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A Note To Non-Profits: Embrace Smaller, Tighter, Groups

Richard Millington
Richard Millington

Founder of FeverBee

Looks at the top 30 Causes competing in America’s Giving Challenge. You will notice two major things.

1) You probably haven’t heard of any of them. Most of the big names are absent or fail to scrape in to the top 50.

2) The list is dominated by causes with less than 1000 members. Smaller groups, with less than 1,000 members are beating causes with six to seven figure members. Colorado Heritage camps, with 200 members, is beating Campaign for Cancer Prevention, with 5m members. Wow.

This isn’t an exhaustive, definitive, analysis – but when a tight group of 200 members can solicit more donations than a group of 5 million you know there are implications.

Going for size now actively works against you. Being big motivates big thinking. Being big encourages you to be bigger and your strategy is geared towards growth. Which newspaper do we need to be in to get more members? Being small, however, focuses you on being tight and your strategy reflects how to bring your donors close together.

This close group concept should really change how we handle manage donors. Don’t put together lists based upon geography, campaigns or even interest. Build up smaller, tighter, groups of people that can

At UNHCR we’re experimenting with a few small-focused ideas. We ask on Facebook and Twitter for people interested in being more involved. Invite these people to join a mailing list and spend time asking for ideas and helping members get to know each other.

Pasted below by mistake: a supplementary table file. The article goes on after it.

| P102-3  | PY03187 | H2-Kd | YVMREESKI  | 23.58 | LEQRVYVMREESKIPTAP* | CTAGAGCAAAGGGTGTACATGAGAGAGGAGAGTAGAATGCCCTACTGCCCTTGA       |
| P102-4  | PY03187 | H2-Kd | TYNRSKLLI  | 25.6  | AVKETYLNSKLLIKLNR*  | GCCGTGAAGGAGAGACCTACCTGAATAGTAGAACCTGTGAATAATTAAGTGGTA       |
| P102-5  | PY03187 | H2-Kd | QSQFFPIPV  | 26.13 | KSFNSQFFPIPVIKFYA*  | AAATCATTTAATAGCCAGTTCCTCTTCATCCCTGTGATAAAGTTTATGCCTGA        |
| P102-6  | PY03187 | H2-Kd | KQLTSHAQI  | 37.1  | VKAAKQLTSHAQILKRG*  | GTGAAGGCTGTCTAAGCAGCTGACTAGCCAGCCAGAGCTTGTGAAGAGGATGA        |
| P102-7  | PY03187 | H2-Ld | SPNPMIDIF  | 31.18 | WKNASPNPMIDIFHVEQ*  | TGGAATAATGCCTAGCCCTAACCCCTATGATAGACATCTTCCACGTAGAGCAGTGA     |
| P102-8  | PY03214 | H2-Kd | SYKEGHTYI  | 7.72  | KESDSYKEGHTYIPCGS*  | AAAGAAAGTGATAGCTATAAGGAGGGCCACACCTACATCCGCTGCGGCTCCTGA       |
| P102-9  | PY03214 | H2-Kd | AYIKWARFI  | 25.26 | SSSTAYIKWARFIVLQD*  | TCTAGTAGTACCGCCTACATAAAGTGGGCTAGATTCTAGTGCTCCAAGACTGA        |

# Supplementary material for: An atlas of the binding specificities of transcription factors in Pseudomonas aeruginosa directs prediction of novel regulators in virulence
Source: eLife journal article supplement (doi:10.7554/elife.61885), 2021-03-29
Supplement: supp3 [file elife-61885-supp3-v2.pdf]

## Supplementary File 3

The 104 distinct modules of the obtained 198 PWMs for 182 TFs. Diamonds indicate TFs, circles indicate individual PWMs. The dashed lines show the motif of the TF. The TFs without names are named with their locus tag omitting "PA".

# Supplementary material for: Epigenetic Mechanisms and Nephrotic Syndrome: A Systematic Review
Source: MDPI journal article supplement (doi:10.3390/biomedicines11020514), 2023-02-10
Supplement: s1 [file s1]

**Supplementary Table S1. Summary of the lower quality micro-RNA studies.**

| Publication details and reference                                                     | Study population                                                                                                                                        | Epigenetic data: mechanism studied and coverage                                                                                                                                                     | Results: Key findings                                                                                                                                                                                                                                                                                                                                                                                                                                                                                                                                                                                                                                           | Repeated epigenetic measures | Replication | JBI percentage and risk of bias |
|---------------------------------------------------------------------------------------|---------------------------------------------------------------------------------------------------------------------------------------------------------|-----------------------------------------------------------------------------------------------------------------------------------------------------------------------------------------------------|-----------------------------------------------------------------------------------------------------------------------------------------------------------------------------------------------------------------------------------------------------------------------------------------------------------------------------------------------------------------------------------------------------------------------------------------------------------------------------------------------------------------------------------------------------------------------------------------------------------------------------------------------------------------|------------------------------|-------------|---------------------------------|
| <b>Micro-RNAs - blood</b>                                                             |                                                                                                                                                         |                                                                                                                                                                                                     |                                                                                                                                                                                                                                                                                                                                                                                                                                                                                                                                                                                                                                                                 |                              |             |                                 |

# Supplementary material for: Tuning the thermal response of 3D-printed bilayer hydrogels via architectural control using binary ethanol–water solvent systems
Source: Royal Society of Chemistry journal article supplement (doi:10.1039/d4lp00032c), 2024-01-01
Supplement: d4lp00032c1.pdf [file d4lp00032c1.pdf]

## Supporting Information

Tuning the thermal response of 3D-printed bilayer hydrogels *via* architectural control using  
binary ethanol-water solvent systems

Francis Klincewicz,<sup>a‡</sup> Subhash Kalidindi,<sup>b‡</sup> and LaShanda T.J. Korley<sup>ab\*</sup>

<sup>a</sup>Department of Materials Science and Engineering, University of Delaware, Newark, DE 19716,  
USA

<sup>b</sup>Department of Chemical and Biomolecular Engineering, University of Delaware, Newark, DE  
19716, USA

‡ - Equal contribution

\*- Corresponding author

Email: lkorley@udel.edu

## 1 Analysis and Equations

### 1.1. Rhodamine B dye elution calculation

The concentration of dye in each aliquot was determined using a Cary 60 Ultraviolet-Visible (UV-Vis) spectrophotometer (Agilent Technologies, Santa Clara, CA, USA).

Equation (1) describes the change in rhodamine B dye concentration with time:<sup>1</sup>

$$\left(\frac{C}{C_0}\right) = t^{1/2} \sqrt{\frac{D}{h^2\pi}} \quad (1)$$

So far the results have been remarkable. One group of 50, managed by one person, has raised several thousand dollars. More so, they have giving friends and, at the drop of the hat, will help us spread any message, raise money or launch a new campaign.

There is no cap on the number of these lists and smaller, focused, groups you can have. One person, managing several different groups (don’t be tempted to collect them into one super-group) can do a huge amount of good. This is real management of donors. This is bonding disparate, unconnected, donors into powerful small groups.

I wouldn’t pretend to be an expert on donor relationships, but I feel comfortable predicting there is a great future for people and organizations that can build effective small groups.

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